- Refers to a right or privilege that is exclusive to a particular individual or group
- It can also refer to the power or authority to make decisions or take action without needing approval from others.
- It is often used to describe a special advantage or benefit someone has due to their position or status.
- Can be applied to various contexts, such as politics, law, and social interactions
Keep reading to learn more about the word 'prerogative' and its meaning, background, and use cases.
Prerogative Definition: What Does Prerogative mean?
A prerogative is a special right or privilege unique to certain individuals or groups, based on their position or status. It allows them to make decisions or act independently without seeking approval and can be found in various contexts like politics, law, and social situations.
Parts of Speech:
The word "prerogative" can function as a noun in a sentence. It is not commonly used as any other part of speech, such as a verb or an adjective.
How to pronounce Prerogative?
The word "prerogative" is pronounced as pri-ROG-uh-tiv. The stress is on the second syllable, "ROG".
Synonyms of Prerogative:
Some synonyms of the word "prerogative" include:
Antonyms of Prerogative:
Some antonyms of the word "prerogative" include:
These words are opposite in meaning to "prerogative". You can use them to express the absence of the exclusive right or privilege or the existence of an obligation or restriction that someone must abide by.
Examples of Prerogative in a Sentence:
Here are ten examples of how to use "prerogative" in a sentence:
- It is the president's prerogative to appoint judges to the Supreme Court.
- The company's CEO has the prerogative to approve or reject any proposals submitted to him.
- It's not my prerogative to make decisions on behalf of the team without consulting them.
- The monarch's prerogative is to confer honours and titles on deserving individuals.
- The right to free speech is considered a fundamental prerogative in many democratic societies.
- It's not the teacher's prerogative to punish students without following due process.
- The wealthy elite often uses their prerogative to avoid paying taxes through various legal loopholes.
- The CEO's prerogative to fire an employee without cause caused outrage among the staff.
- The government has the prerogative to impose tariffs on imported goods to protect local industries.
- It's not the government's prerogative to dictate how people choose to worship or express their religious beliefs.
Frequency of Use:
The frequency of use of the word "prerogative" can vary depending on the context and the medium of communication. According to Google's Ngram Viewer, which tracks the frequency of words in books over time, the usage of "prerogative" has been relatively consistent since the 1800s, with a slight increase in usage in the mid-1900s.
However, it's worth noting that Ngram Viewer only tracks usage in books, not other mediums such as spoken language or online communication. Overall, "prerogative" is a moderately common word and is still in active use today.
Variants of Prerogative:
Here are some examples of variants of prerogative:
- Prerogative writ: This is a legal term that refers to a type of writ (a court order) that a higher court issues to a lower court or a government official to compel them to perform a certain action or refrain from doing so.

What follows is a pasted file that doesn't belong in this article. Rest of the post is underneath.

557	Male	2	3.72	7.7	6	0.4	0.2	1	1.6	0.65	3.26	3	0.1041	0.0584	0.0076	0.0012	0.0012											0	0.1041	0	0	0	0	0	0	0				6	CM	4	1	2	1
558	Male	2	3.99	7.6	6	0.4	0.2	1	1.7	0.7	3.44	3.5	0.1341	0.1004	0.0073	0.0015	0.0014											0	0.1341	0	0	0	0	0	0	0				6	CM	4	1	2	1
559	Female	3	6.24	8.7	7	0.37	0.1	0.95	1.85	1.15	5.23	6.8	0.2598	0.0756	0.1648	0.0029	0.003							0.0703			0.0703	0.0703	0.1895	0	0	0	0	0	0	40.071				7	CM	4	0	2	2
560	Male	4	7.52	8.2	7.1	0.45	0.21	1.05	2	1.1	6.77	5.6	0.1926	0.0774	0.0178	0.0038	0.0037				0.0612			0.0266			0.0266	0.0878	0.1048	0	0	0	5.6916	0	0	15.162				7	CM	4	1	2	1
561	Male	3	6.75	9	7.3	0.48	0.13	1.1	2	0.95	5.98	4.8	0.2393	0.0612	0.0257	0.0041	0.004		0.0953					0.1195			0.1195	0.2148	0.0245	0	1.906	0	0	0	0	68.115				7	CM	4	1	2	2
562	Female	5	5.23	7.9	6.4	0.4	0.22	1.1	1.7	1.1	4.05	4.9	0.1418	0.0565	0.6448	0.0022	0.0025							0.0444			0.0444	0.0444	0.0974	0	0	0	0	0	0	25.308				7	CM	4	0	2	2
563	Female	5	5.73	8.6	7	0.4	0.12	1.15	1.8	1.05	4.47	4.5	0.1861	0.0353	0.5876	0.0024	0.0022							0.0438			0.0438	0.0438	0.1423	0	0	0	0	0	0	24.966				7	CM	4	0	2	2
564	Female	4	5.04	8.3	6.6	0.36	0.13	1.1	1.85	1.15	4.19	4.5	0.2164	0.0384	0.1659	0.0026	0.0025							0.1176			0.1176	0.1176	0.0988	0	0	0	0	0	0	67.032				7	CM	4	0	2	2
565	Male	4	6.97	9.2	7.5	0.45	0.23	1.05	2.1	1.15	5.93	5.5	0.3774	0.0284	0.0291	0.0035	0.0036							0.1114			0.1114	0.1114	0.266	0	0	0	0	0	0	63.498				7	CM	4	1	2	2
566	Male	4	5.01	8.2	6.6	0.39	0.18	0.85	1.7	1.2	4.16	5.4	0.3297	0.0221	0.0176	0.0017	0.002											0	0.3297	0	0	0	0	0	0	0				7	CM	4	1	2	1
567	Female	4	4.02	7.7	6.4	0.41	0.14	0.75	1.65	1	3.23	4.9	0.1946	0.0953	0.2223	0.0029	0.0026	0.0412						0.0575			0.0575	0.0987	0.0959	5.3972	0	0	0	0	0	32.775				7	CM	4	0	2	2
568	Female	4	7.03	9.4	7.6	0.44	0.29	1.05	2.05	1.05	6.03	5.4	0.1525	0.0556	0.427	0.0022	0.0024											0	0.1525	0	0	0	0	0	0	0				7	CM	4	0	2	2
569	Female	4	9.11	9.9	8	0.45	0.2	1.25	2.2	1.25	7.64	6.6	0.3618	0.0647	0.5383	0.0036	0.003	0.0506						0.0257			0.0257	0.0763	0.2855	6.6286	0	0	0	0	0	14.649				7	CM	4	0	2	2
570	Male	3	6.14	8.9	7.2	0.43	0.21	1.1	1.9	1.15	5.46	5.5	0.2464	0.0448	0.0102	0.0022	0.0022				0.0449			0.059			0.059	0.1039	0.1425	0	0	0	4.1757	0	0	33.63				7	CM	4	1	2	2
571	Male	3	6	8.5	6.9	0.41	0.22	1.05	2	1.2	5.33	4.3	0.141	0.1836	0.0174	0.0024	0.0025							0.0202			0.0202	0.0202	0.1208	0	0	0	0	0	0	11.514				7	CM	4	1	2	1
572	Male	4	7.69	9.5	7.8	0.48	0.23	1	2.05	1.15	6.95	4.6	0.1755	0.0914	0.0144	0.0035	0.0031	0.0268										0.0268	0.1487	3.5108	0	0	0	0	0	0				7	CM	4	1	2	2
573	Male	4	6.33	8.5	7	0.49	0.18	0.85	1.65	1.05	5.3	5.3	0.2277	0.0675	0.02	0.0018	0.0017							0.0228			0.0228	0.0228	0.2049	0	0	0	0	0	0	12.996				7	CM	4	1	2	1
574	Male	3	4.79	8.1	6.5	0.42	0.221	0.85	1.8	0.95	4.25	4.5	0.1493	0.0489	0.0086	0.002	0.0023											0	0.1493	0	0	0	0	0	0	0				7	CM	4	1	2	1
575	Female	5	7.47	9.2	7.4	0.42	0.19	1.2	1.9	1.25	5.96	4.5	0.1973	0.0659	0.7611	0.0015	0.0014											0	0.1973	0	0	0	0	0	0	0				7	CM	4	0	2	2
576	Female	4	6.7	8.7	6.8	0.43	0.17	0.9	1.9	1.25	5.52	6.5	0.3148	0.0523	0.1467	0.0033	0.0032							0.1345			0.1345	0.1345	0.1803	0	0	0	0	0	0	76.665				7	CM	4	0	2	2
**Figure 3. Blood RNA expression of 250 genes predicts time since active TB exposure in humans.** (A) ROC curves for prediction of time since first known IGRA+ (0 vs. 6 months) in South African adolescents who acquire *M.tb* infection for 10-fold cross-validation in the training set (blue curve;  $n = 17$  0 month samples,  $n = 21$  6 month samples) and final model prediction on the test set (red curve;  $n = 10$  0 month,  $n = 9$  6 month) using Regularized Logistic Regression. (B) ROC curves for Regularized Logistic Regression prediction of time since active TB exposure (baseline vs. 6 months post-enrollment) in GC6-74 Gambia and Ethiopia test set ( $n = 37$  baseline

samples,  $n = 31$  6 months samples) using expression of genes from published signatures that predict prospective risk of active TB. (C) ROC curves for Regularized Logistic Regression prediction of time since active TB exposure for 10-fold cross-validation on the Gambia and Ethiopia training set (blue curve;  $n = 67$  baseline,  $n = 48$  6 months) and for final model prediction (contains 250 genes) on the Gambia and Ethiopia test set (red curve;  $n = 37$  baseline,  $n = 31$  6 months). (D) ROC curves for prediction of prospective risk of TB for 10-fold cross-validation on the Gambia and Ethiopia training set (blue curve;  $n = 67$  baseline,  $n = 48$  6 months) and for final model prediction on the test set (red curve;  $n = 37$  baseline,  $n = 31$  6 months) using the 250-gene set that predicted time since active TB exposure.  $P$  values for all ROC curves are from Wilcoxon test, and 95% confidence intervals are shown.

- Prerogative power: This is a term used in political science and constitutional law to refer to the inherent power or authority that a government or a monarch has to take certain actions without seeking approval or consent from other branches of government or the public.
- Prerogative offence: This is a term used in sports, especially in soccer, to refer to an offence that is not necessarily against the rules but is considered unsporting or unfair.
These variants are less common than the noun form "prerogative".
Related Terms to Prerogative:
Here are some related terms to "prerogative" that are not synonymous but have a similar relationship:
Etymology: History and Origins of Prerogative
The word "prerogative" has its roots in ancient Rome, where voting rights were based on property ownership. The Latin term "praerogativa" meant "ask before" or "before voting," referring to the first century of each voting class. It evolved to mean any exclusive right or special status and was adopted into Middle English. In medieval England, the king's prerogative was derived from the divine right of kings and exercised without parliamentary consent. The concept evolved to refer to any special right or power inherent in a person or entity, such as a government or monarch.
Derivatives and Compounds of Prerogative:
Here are some derivatives and compounds of the word "prerogative":
- Prerogative writ
- Prerogative power
- Prerogative principle
- Prerogative jurisdiction
Common Misspellings of Prerogative:
Here are some common misspellings of the word "prerogative":
10 Idioms Similar to Prerogative:
Here are 10 idioms similar to "prerogative":
- Ace in the hole
- Ace up your sleeve
- Upper hand
- Call the shots
- Rule the roost
- Play by ear
- Have a say
- Take charge
- Wear the pants
- Be in command
In conclusion, "prerogative" refers to an exclusive right or special status inherent in a person or entity. Its origins can be traced back to ancient Rome, and the concept has evolved to encompass various political, legal, and personal contexts. The examples provided demonstrate the diverse ways you can use prerogative in everyday language.